Weight loss phase (0–3 months)

VLCD: Liquid-based formula diet of 500 kcal per day for 6–10 weeks (Itrim, Stockholm, Sweden; 125 kcal per sachet, 4 sachets per day, each sachet contained 13 g protein, 15 g carbohydrates, 2 g fat and 3 g fiber; approved as sole source VLCD by the Swedish National Food Agency), followed by a 2-week gradual introduction of normal food. Early introduction of normal food (6 as opposed to the full 10 weeks) occurred when the participant was either satisfied with the achieved weight loss or had reached a body mass index (BMI) <25.0 kg m−2.

LCD: consisting of two calorie-restricted normal food meals and two formula diet meal replacement sachets (á 125 kcal), providing a total caloric intake of 1200–1500 kcal per day depending on body size and exercise levels. The normal food consisted of restricted portion sizes with a low overall energy density, high in protein, and with a low-glycemic index.6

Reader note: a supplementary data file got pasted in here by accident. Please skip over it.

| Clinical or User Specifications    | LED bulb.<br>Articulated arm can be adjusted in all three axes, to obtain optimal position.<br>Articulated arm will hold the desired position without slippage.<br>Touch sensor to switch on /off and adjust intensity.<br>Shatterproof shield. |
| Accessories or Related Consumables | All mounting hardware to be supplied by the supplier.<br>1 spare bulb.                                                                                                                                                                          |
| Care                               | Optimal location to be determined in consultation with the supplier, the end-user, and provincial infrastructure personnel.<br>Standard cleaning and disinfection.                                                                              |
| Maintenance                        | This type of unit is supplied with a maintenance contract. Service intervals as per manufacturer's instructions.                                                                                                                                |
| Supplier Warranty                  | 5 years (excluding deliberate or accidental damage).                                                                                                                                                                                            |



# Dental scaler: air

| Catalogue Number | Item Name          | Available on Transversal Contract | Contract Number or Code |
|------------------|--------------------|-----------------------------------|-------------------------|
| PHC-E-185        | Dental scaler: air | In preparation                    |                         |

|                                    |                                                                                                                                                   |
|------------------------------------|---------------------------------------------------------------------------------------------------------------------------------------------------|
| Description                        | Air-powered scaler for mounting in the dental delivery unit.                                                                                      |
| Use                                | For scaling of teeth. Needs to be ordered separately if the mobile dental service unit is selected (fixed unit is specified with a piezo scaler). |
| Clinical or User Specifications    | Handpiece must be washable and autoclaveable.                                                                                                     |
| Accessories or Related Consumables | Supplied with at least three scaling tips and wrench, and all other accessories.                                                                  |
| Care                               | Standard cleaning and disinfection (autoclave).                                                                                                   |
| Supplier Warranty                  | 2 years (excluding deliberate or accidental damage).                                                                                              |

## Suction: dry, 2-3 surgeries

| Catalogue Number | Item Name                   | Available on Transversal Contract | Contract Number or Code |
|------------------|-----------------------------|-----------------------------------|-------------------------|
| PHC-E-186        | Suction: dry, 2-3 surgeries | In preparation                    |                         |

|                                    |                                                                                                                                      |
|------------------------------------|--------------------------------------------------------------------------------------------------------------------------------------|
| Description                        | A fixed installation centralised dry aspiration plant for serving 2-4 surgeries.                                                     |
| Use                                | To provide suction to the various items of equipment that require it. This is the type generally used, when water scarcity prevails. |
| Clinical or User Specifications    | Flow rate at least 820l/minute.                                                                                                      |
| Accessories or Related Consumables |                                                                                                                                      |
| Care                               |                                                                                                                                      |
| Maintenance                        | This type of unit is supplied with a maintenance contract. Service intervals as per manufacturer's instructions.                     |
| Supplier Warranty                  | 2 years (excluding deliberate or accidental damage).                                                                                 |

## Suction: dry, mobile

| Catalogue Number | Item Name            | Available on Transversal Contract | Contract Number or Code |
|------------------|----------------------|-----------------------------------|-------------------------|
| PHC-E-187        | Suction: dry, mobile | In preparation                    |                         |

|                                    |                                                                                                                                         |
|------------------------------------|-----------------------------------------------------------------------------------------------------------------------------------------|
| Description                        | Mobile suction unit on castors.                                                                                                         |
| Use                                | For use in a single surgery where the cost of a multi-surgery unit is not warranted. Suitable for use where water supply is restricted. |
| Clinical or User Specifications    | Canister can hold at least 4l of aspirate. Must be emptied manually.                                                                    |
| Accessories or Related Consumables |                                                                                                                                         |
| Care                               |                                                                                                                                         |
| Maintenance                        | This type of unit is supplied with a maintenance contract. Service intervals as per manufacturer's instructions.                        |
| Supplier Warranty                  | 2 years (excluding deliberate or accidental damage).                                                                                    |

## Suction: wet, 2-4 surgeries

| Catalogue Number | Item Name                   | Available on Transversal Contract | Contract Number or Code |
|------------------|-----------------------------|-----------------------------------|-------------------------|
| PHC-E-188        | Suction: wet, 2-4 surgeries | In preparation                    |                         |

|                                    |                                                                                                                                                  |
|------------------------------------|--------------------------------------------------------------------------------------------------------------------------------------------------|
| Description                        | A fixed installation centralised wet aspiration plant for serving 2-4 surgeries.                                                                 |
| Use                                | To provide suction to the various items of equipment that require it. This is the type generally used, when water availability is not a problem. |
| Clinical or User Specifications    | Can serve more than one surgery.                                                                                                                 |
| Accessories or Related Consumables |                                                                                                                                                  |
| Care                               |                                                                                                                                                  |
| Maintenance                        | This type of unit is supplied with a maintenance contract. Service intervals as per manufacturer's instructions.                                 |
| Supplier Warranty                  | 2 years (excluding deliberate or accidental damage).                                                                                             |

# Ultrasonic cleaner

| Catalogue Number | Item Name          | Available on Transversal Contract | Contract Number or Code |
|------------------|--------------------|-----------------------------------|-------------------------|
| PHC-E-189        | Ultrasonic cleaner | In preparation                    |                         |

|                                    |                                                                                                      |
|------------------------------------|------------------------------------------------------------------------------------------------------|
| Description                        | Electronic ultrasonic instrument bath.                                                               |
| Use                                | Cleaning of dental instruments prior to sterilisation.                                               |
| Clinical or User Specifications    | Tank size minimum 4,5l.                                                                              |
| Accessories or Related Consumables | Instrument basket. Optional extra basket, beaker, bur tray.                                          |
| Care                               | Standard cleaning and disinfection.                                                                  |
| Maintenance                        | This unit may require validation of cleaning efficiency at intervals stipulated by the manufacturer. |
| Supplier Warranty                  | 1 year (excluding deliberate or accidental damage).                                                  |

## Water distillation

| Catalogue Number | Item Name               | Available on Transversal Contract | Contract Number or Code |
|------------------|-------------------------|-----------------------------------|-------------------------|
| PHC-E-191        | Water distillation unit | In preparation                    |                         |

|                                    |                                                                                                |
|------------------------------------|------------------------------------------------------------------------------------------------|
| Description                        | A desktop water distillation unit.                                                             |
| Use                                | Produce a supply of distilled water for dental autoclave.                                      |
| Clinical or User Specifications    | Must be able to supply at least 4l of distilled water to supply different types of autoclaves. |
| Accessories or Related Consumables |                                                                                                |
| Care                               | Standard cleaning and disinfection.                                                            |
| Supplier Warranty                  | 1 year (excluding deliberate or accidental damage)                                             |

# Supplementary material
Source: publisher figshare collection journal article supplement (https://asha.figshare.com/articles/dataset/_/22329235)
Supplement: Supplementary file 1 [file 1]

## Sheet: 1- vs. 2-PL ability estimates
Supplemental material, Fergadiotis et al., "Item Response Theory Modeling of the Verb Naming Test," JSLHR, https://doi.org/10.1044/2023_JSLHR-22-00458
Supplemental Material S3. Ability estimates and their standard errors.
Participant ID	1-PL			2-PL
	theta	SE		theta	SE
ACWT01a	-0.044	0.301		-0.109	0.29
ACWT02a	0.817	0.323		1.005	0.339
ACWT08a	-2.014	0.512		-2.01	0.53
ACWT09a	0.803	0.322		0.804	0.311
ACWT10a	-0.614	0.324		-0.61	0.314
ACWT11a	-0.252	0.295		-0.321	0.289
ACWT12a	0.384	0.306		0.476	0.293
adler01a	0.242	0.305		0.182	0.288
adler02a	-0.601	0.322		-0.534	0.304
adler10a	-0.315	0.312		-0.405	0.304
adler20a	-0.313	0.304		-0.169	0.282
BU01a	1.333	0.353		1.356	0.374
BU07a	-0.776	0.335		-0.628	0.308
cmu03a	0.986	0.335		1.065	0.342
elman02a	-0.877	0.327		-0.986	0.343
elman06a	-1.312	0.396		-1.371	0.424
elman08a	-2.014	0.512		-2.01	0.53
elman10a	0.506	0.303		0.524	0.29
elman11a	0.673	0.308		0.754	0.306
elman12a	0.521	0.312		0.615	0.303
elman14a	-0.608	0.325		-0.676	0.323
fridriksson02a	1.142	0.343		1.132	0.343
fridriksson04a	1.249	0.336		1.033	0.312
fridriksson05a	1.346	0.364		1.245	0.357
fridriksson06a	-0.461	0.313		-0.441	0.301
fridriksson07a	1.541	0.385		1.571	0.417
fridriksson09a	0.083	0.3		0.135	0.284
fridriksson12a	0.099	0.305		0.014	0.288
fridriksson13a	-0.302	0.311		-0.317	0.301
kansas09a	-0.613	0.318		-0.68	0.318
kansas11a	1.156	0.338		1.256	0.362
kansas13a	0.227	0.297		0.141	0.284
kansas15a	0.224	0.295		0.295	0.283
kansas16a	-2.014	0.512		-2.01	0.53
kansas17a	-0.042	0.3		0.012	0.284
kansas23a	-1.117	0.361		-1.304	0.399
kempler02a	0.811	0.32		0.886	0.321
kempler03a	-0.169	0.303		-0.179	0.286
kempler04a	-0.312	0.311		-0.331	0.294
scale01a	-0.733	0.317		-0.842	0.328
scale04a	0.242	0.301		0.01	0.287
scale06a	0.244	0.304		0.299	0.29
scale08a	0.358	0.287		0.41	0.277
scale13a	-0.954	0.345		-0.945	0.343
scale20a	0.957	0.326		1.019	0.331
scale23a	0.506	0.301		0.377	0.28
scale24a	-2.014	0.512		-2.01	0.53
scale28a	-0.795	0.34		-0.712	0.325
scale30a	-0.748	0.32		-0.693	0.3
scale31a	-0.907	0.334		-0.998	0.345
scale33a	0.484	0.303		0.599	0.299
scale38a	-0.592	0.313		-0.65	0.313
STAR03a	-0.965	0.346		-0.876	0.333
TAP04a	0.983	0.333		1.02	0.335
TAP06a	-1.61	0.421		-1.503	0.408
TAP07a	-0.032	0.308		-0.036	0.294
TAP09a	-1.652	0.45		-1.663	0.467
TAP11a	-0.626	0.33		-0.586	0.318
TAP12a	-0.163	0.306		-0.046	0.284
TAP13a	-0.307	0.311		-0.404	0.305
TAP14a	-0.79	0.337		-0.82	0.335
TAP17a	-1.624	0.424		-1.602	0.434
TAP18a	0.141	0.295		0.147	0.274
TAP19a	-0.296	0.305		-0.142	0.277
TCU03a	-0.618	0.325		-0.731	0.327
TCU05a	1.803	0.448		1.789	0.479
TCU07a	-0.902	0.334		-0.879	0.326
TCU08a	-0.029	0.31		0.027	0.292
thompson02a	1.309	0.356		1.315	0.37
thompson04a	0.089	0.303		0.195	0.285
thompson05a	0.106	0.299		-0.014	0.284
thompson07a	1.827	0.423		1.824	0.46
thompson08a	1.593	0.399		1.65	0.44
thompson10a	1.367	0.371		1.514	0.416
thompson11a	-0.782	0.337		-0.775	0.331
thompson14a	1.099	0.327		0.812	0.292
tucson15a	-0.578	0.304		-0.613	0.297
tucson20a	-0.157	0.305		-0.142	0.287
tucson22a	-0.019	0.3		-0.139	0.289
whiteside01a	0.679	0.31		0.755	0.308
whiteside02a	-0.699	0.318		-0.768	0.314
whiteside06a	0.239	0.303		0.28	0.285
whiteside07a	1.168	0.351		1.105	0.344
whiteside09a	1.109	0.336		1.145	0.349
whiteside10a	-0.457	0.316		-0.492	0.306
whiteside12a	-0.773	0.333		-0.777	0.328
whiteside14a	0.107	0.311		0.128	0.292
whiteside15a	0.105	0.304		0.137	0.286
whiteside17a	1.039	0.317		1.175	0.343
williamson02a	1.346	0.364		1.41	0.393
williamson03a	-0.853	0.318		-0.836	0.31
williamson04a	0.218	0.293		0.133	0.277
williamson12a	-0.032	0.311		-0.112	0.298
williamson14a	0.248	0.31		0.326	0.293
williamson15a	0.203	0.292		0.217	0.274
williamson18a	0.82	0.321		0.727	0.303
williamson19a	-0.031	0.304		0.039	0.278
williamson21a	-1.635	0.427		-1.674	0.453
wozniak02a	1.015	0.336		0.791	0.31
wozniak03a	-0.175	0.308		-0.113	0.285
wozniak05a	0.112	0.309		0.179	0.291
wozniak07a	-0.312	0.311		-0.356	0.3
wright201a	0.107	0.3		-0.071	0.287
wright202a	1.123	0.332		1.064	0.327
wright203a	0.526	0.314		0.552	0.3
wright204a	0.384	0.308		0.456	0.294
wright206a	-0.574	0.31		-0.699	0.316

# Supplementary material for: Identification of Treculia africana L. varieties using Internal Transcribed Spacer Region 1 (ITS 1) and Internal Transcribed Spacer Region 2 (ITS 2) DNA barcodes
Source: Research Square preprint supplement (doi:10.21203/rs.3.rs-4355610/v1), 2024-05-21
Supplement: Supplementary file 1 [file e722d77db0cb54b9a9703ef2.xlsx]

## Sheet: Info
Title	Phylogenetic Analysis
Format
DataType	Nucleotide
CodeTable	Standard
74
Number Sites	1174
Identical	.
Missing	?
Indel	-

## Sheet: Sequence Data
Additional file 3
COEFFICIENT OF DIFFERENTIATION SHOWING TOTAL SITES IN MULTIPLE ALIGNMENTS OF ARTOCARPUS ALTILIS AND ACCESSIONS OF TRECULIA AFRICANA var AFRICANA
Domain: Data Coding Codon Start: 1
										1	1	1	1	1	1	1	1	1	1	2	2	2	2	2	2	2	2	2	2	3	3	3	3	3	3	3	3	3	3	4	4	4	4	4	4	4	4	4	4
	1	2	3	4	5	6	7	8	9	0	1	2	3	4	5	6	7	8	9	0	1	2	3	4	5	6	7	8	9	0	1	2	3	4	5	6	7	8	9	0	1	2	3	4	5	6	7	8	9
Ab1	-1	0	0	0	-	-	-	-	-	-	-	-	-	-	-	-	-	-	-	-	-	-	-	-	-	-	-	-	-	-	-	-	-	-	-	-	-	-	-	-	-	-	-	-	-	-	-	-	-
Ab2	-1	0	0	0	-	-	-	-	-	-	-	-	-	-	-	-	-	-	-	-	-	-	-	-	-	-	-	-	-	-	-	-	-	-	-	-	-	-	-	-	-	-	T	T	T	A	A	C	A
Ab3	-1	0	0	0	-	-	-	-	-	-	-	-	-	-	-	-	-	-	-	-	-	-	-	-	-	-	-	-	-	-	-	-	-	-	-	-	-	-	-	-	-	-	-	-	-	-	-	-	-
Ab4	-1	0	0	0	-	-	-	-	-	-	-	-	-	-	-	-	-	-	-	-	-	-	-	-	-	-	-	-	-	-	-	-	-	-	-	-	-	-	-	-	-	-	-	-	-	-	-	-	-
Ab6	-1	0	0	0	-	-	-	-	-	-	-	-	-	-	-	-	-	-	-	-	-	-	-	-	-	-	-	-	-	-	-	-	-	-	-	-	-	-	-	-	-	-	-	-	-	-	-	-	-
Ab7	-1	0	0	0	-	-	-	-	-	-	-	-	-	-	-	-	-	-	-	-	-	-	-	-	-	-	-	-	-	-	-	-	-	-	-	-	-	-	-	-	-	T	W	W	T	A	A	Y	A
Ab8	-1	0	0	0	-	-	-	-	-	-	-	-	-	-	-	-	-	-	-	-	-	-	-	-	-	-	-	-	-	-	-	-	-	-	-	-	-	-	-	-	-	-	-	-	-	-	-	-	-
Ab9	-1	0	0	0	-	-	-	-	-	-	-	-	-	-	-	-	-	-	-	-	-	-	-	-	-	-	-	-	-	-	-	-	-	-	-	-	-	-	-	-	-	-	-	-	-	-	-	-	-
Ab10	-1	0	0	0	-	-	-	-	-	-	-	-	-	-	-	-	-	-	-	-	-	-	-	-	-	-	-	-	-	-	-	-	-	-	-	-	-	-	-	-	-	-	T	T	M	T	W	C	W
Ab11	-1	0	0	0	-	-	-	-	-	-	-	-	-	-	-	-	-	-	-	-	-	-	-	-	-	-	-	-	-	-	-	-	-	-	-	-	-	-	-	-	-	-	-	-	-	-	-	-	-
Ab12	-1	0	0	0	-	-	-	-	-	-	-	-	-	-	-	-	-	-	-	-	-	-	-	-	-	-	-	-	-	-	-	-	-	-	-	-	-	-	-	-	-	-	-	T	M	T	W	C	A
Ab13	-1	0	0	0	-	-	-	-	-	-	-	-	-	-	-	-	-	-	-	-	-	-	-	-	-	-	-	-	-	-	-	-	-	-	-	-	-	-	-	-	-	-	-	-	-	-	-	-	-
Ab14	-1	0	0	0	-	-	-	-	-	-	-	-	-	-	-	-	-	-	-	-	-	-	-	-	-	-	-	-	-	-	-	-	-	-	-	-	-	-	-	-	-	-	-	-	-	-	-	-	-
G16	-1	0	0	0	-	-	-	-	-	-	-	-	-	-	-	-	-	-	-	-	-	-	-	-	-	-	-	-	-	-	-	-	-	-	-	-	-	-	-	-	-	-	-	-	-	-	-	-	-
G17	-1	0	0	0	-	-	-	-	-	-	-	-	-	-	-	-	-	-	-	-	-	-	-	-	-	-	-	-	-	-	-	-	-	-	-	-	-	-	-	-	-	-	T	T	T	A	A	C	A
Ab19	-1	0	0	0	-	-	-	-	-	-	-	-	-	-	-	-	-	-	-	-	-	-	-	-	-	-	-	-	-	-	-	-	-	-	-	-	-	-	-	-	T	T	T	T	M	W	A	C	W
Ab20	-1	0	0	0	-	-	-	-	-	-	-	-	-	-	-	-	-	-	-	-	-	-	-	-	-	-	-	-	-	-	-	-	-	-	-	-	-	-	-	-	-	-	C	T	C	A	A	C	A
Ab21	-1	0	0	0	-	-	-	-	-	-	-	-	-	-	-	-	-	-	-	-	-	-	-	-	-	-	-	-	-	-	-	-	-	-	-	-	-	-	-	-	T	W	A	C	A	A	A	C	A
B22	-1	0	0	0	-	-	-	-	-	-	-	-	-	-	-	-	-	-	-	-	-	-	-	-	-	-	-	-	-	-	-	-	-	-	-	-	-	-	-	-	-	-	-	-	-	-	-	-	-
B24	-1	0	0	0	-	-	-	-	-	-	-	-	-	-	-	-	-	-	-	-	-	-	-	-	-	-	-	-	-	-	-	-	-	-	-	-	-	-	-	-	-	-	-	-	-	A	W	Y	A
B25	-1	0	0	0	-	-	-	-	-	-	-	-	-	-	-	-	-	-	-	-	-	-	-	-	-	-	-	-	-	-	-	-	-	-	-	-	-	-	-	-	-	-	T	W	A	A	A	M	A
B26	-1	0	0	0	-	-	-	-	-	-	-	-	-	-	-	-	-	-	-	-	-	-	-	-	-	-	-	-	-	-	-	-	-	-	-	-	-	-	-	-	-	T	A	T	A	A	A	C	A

Weight maintenance phase (3–12 months)

After the weight loss phase, the two groups entered the same 9-month weight maintenance program that included an exercise program (circuit training, with a mix of aerobic and strength training work-out stations, at the center 2–3 times per week for 30–45 min, physically active transport to and from work and using a Yamax SW-200 pedometer to encourage walking), dietary advice, self-monitoring and behavioral changes. Dietary advice included the use of restricted portion sizes, and eating a diet rich in protein and with a low-glycemic index, with a low overall energy density.6

Data collection

Participant data